Residency Open Positions: As a medical student, one of the most important decisions you will make is choosing a residency program. Residency open positions are a crucial step in your medical education and career, as they provide hands-on training and experience in a specific specialty. With so many options available, it can be overwhelming to navigate the process of finding the right program for you. In this article, we will discuss the key factors to consider when evaluating residency open positions, including program reputation, location, and specialty fit.

Residency Open Positions

Residency Open Positions Program Reputation

One of the most important factors to consider when evaluating residency open positions is the program’s reputation. A program’s reputation is a reflection of the quality of education and training it provides. You can research a program’s reputation by looking at its accreditation status, ranking, and reviews from current and former residents.

The Accreditation Council for Graduate Medical Education (ACGME) accredits most residency programs in the United States. Programs that are accredited by the ACGME have met certain standards for education and training. You can check a program’s accreditation status on the ACGME website.

Residency programs are also ranked by various organizations, such as U.S. News & World Report and Doximity. These rankings can give you an idea of how a program is perceived by other medical professionals. However, it’s important to note that these rankings are not the only factors to consider when evaluating a program.

Another way to research a program’s reputation is by reading reviews from current and former residents. You can find these reviews on websites like Student Doctor Network and the Match A Resident website. These reviews can give you a sense of what it’s like to train at a particular program, including the strengths and weaknesses of the program.

Open Positions Location

Another important factor to consider when evaluating residency open positions is location. The location of a program can impact your training experience, as well as your personal life. Some important things to consider when evaluating location include:

  • Proximity to your family and friends
  • Cost of living
  • Availability of housing
  • Climate
  • Access to recreational activities

If you have a family and friends who live in a specific area, it may be important for you to find a program that is located nearby. Additionally, the cost of living can vary greatly between different regions, so it’s important to consider how much money you will need to live in a particular area.

Housing availability can also be a factor to consider when evaluating a program’s location. Some programs may have housing available for residents, while others do not. If housing is not available, you will need to find your own housing and factor in the cost of rent.

Climate and recreational activities can also impact your experience at a program. If you enjoy outdoor activities, it may be important to find a program that is located in an area with good weather and access to parks and other recreational activities.

Residency Positions Specialty Fit

When evaluating residency open positions, it’s also important to consider specialty fit. This refers to whether a program’s focus and training align with your interests and career goals. Some things to consider when evaluating specialty fit include:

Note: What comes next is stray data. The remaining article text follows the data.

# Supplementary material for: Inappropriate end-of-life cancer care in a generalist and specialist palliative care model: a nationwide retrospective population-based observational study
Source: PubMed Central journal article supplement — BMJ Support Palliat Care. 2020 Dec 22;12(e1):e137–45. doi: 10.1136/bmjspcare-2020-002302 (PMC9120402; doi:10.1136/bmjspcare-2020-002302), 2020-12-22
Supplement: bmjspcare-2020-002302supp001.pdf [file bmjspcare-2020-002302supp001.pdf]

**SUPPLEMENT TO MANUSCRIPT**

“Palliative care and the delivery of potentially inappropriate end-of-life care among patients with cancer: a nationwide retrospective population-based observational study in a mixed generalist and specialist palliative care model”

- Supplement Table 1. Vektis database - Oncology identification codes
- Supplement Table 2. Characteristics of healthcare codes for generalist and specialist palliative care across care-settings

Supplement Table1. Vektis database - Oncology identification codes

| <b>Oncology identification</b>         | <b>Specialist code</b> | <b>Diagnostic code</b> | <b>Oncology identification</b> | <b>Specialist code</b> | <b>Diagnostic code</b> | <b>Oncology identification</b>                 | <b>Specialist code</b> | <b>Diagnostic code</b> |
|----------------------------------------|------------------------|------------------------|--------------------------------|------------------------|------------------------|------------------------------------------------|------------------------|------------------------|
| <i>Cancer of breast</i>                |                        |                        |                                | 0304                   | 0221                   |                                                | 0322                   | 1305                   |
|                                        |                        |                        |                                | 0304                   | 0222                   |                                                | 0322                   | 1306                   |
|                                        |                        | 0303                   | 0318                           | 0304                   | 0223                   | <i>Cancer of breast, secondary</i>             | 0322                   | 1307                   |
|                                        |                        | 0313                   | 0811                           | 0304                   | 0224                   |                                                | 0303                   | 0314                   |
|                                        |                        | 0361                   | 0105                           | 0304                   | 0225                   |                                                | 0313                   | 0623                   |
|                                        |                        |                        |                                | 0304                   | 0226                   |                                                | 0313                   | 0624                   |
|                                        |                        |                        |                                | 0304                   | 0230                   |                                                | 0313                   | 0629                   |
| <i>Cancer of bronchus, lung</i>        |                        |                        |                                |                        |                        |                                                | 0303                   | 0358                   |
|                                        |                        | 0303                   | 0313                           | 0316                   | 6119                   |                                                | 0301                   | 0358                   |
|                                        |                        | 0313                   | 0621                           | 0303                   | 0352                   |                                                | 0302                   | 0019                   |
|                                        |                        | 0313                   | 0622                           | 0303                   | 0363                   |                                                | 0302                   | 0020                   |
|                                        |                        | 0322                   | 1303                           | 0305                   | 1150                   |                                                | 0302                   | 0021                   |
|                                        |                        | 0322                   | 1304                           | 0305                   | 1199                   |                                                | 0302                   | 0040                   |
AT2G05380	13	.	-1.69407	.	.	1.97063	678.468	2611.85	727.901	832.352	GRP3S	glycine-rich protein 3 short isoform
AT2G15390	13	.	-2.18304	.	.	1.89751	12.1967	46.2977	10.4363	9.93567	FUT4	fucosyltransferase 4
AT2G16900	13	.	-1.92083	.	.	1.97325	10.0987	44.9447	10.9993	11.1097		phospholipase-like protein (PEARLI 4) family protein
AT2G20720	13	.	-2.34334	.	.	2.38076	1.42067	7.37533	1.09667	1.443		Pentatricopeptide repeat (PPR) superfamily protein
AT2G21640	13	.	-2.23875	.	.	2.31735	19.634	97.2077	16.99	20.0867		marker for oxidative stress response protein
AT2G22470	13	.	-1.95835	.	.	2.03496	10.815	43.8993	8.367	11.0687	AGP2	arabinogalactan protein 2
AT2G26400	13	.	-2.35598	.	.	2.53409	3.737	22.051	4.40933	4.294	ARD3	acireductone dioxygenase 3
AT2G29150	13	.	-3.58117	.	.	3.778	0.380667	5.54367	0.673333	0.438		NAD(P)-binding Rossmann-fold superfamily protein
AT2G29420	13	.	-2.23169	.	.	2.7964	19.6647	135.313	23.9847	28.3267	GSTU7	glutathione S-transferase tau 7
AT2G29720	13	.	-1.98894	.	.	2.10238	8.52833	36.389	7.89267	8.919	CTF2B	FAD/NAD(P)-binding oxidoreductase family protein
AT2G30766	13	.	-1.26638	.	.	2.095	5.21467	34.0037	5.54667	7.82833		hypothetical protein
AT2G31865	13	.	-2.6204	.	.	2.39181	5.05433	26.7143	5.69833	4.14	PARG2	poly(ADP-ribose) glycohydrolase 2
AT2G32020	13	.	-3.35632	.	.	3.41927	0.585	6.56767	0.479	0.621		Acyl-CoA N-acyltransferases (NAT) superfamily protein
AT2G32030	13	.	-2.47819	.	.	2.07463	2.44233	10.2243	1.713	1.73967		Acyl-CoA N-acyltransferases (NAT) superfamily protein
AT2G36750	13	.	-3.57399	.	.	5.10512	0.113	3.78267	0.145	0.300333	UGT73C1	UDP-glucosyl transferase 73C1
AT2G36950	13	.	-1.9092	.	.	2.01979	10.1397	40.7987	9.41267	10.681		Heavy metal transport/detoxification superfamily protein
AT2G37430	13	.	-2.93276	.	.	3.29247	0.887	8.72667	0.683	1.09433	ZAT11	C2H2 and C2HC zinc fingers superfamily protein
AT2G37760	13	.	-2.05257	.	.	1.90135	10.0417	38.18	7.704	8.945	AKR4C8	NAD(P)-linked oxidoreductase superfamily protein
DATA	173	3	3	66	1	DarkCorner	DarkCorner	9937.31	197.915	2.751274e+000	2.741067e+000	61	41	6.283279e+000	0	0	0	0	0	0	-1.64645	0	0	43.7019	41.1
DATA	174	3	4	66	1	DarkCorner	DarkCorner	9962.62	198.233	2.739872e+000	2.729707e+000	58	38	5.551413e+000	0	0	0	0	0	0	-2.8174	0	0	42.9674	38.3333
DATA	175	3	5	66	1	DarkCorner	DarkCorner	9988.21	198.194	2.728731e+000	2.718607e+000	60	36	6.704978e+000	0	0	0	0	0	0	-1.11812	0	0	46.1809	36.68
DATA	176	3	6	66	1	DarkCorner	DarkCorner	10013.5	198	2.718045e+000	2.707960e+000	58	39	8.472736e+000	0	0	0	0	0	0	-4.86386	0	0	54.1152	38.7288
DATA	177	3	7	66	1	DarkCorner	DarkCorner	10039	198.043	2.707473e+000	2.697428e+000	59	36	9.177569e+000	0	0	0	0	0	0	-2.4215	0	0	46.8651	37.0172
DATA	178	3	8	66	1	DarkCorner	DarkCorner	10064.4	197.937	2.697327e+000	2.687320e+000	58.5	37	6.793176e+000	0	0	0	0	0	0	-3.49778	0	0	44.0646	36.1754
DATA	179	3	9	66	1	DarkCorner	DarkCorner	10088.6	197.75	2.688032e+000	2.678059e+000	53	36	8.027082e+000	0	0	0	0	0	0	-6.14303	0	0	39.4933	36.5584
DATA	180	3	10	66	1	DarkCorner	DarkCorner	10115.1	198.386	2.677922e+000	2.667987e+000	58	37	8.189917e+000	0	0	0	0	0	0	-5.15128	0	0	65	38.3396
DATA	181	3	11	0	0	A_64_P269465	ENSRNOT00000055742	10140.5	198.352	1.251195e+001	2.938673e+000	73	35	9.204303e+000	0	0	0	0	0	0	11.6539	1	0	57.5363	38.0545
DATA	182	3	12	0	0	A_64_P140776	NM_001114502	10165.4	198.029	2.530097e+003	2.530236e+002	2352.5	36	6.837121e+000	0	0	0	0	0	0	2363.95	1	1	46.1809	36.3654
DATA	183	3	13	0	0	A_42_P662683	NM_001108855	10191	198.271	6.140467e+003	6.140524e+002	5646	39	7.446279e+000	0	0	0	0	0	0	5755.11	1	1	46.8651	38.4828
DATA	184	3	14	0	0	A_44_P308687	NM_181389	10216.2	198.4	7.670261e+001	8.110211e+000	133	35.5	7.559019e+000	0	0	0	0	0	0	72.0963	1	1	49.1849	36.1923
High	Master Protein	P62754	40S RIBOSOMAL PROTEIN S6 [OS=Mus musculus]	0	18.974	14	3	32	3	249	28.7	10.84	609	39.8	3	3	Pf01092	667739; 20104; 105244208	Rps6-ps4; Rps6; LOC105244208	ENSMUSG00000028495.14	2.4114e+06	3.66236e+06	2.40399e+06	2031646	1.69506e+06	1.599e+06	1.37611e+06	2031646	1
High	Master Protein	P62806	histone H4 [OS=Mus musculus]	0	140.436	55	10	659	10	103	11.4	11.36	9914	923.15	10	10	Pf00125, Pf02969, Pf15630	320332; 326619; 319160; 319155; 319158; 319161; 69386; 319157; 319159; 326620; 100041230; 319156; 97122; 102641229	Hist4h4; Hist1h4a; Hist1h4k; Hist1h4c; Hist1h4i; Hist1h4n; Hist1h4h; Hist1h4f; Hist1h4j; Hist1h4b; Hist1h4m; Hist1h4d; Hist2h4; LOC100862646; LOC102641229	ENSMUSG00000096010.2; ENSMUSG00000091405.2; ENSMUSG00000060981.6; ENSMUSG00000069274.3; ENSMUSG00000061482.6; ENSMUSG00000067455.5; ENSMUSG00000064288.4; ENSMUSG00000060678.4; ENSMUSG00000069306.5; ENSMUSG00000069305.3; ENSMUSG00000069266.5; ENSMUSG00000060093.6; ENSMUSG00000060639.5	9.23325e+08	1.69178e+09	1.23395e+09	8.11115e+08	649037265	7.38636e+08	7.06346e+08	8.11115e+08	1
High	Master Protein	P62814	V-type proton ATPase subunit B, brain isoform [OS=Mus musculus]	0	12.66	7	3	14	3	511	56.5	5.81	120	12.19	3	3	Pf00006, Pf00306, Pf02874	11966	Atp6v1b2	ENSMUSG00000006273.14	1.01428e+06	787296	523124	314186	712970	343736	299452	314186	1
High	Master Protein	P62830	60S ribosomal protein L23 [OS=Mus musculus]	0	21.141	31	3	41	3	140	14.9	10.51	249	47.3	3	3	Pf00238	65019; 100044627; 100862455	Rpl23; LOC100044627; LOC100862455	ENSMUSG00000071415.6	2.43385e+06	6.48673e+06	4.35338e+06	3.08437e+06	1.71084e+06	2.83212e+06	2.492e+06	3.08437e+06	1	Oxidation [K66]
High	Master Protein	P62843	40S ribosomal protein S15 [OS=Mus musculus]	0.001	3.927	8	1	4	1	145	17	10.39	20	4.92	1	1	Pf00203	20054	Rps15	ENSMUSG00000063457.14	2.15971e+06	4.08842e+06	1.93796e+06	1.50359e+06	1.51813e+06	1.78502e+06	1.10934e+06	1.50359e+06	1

• The type of patients you will be working with
  • The types of procedures and surgeries you will be performing
  • The opportunities for research and scholarly activity
  • The program’s focus on a specific subspecialty

If you are interested in working with specific types of patients, such as children or older adults, it may be important to find a program that specializes in treating those populations. Additionally, if you are interested in performing certain procedures or surgeries, it’s important to find a program that provides┬átraining in those areas.

Research and scholarly activity can also be an important aspect of your training. Some programs may have a strong focus on research and provide opportunities for residents to participate in ongoing studies or projects. If this is something you are interested in, it’s important to find a program that has a strong research program.

Finally, some programs may have a focus on a specific subspecialty within a field. For example, a cardiology program may have a strong focus on interventional cardiology or electrophysiology. If you have a specific area of interest within a field, it’s important to find a program that has a focus on that area.

Conclusion

Choosing a residency program is a crucial step in your medical education and career. When evaluating residency open positions, it’s important to consider the program’s reputation, location, and specialty fit. Researching a program’s accreditation status, ranking, and reviews from current and former residents can give you an idea of its reputation. The location of a program can impact your training experience and personal life, so it’s important to consider factors like proximity to family and friends, cost of living, housing availability, climate, and recreational activities. Specialty fit is also important, as it refers to whether a program’s focus and training align with your interests and career goals. By considering these factors, you can find the right residency program for you.

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